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Extinguishing Epistaxis Excitement

A student walks into the school health office leaving a bloody trail behind them and making a mess all over themselves and the floor.  Other students are horrified and panic is spreading.  In some cases, the student isn’t even sent to the health office but the school nurse is instead called to a “bleeding emergency”.  Dropping everything, the school nurse rushes to the call to find a perfectly well-appearing student, head tilted back, nose bleeding.  Feelings of relief and frustration come over the school nurse as yet another episode of epistaxis induces panic and pandemonium amongst students and faculty.

Despite being very common in school-aged children and in the vast majority of cases, self-limiting and not cause for concern, the bright red blood produced from a nosebleed can often appear massive in amount and results in the alarm and distress that regularly accompanies nosebleeds in the school setting.  By providing education to the school community, familiarizing yourself with real epistaxis emergencies, and establishing a nursing care plan and emergency action plan for students with bleeding disorders, the school nurse can promote a safe and calm response to nosebleeds at school.

Epistaxis is any loss of blood from tissue in the nose.  Due to a convergence of a number of different arterial branches called Kiesselbach’s plexus in the anterior nasal septum, there is a very rich blood supply in the nose, critical for sinus health.  Because of its proximity to the entrance of the nasal cavity, the fragile vessels at the front of the nose are susceptible to temperature extremes, moisture variations and instances of trauma.  This is the site of 90% of nosebleeds, particularly for children whose fingers have very easy access to the area!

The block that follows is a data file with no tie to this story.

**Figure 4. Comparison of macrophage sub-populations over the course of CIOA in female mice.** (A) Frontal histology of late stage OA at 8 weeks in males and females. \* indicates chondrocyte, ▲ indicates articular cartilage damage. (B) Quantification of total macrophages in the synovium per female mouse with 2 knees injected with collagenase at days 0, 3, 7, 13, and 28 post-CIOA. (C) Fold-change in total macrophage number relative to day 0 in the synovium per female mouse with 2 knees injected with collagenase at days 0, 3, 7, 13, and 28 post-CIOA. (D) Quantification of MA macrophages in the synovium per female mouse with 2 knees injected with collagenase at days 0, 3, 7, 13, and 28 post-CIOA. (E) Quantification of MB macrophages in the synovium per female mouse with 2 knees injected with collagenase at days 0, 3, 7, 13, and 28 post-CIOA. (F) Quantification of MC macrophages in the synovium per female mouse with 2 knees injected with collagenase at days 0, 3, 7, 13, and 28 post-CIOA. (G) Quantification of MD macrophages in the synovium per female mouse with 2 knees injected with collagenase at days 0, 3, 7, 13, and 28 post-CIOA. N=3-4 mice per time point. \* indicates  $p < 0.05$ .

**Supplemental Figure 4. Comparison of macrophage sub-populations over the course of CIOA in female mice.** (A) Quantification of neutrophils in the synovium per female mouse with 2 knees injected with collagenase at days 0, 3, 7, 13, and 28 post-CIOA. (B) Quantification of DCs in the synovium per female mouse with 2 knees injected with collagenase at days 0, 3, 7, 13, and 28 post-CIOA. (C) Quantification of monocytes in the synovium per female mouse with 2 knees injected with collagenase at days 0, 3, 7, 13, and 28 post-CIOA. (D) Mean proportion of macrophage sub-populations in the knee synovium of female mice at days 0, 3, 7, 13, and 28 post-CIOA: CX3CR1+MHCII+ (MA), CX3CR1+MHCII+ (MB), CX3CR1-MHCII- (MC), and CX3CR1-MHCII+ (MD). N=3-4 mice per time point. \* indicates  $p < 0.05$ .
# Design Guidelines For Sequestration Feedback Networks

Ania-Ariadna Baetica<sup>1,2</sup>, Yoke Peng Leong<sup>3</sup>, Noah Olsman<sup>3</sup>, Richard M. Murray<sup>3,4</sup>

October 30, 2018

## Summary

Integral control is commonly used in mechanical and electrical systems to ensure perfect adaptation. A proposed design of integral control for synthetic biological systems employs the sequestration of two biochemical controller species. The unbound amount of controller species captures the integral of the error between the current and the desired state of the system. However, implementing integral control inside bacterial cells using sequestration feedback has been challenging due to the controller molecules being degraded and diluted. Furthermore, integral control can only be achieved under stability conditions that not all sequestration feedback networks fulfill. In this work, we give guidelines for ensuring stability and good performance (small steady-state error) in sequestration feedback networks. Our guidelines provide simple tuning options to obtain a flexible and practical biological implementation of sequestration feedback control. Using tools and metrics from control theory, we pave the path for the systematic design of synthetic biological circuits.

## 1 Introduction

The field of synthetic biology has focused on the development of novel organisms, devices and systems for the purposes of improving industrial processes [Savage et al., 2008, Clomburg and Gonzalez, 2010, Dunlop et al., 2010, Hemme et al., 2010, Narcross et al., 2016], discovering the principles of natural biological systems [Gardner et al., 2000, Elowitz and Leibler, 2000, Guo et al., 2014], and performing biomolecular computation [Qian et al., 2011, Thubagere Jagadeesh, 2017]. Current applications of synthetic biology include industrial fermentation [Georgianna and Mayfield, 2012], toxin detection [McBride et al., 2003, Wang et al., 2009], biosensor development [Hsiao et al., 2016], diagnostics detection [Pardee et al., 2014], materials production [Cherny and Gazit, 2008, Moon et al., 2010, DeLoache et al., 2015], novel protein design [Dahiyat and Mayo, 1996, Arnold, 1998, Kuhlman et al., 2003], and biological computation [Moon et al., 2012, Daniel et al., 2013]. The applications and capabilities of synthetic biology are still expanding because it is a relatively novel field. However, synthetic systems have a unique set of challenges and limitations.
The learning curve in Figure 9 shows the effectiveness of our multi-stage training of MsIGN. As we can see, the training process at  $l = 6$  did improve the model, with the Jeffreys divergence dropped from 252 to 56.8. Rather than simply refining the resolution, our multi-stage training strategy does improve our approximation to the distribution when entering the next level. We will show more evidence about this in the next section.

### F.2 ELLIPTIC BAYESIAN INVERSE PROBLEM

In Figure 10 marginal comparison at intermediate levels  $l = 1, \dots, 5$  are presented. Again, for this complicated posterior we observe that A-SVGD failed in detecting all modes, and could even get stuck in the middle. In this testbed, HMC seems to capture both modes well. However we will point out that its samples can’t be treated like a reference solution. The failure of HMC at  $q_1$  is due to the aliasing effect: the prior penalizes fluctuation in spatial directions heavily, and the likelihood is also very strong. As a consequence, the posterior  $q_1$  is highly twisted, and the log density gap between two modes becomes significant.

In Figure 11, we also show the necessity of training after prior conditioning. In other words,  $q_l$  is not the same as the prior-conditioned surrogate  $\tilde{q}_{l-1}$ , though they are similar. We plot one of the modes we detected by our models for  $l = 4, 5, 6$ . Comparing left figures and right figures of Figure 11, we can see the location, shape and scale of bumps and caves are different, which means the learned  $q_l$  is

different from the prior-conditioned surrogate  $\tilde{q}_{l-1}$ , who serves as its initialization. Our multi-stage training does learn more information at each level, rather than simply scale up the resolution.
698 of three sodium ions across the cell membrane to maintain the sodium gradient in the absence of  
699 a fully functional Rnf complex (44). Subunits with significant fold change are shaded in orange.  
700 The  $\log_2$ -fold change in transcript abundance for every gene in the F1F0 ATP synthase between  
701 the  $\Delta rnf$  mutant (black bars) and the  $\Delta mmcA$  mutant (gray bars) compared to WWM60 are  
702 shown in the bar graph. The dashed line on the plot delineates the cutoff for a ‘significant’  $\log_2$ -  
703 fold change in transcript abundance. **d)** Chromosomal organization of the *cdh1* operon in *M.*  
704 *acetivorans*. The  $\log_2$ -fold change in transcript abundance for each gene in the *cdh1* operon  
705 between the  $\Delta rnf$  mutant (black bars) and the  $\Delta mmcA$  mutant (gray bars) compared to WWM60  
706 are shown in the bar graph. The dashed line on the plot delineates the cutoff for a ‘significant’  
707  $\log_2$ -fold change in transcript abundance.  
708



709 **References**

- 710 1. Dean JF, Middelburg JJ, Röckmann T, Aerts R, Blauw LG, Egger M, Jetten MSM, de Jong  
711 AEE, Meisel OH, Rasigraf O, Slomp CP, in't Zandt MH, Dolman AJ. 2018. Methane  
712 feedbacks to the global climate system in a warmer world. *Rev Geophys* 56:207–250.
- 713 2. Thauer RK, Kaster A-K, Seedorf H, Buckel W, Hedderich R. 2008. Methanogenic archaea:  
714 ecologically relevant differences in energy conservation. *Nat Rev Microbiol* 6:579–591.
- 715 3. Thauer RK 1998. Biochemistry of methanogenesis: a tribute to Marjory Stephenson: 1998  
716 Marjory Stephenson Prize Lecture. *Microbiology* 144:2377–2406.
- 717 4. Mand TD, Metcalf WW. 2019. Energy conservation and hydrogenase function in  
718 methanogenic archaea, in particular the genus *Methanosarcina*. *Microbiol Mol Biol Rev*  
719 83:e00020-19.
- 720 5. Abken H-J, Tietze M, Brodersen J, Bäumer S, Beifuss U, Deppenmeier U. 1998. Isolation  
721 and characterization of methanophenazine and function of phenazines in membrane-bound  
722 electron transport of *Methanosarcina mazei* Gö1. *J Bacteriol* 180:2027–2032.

Keeping calm

Provide reassurance to students and staff that nosebleeds are generally harmless and blood spreads easily so what often looks like a lot of blood is, in fact, very little.  Teach appropriate interventions including continuous compression (10 minutes) of the nares while sitting upright, leaning forward slightly and encouraging the student to breathe through their mouth.  Consider placing a cold compress on the bridge of the nose to constrict the blood vessels.  If, after 10 minutes the bleeding persists, damp gauze or other packing can be inserted into the nostril that is bleeding and the nares should be gently pinched for another 10 minutes.  Make sure classrooms are stocked with tissues and teachers have all the supplies they need to safely (and calmly!) support nosebleeds at school.

Cause for Concern

Over 99% of nosebleeds stop after 10 minutes of direct pressure has been applied.  If the bleeding hasn’t stopped after 20-30 minutes of direct pressure, the student may need emergency care.  For students with bleeding disorders including von Willebrand disease or hemophilia, and for students with abnormal nasal vasculature, as in HHT syndrome, nosebleeds can pose a significant problem.  In these cases, both a nursing care plan and emergency action plan should be on file and reviewed with school staff to ensure the student is safely supported in the event of a nosebleed.  Any student that feels weak, faint or ill with a nosebleed or when a more serious injury to the nose or head trauma is suspected, further medical evaluation is necessary.  Additionally, if new-onset nosebleeds are occurring frequently or there is new bruising or bleeding reported from other parts of the body (gums, stool, urine, etc), the student should be referred to their primary care provider.

Prevention Measures

It can be helpful to provide the school community with suggestions to help prevent recurrent nosebleeds including:

  • Use a humidifier at home if the air is dry
  • Teach kids how to gently blow their nose, encourage no picking and keeping fingernails short
  • Consider OTC saline nasal spray or gel to keep the nares moist
  • After a nosebleed, petroleum jelly can be applied BID for up to a week to prevent rebleeding
  • If allergies are the suspected cause, discuss allergy treatment plans with primary care provider


Nosebleeds can be scary for students and school staff, sometimes leading to unnecessarily frantic calls or visits to the school nurse. By providing reassurance that nosebleeds are very common and usually not dangerous, sharing appropriate response and treatment guidelines, stocking useful supplies, preparing for actual epistaxis emergencies and recommending prevention measures, the school nurse can hopefully extinguish some of the nosebleed tumult and keep the calm amidst epistaxis episodes.

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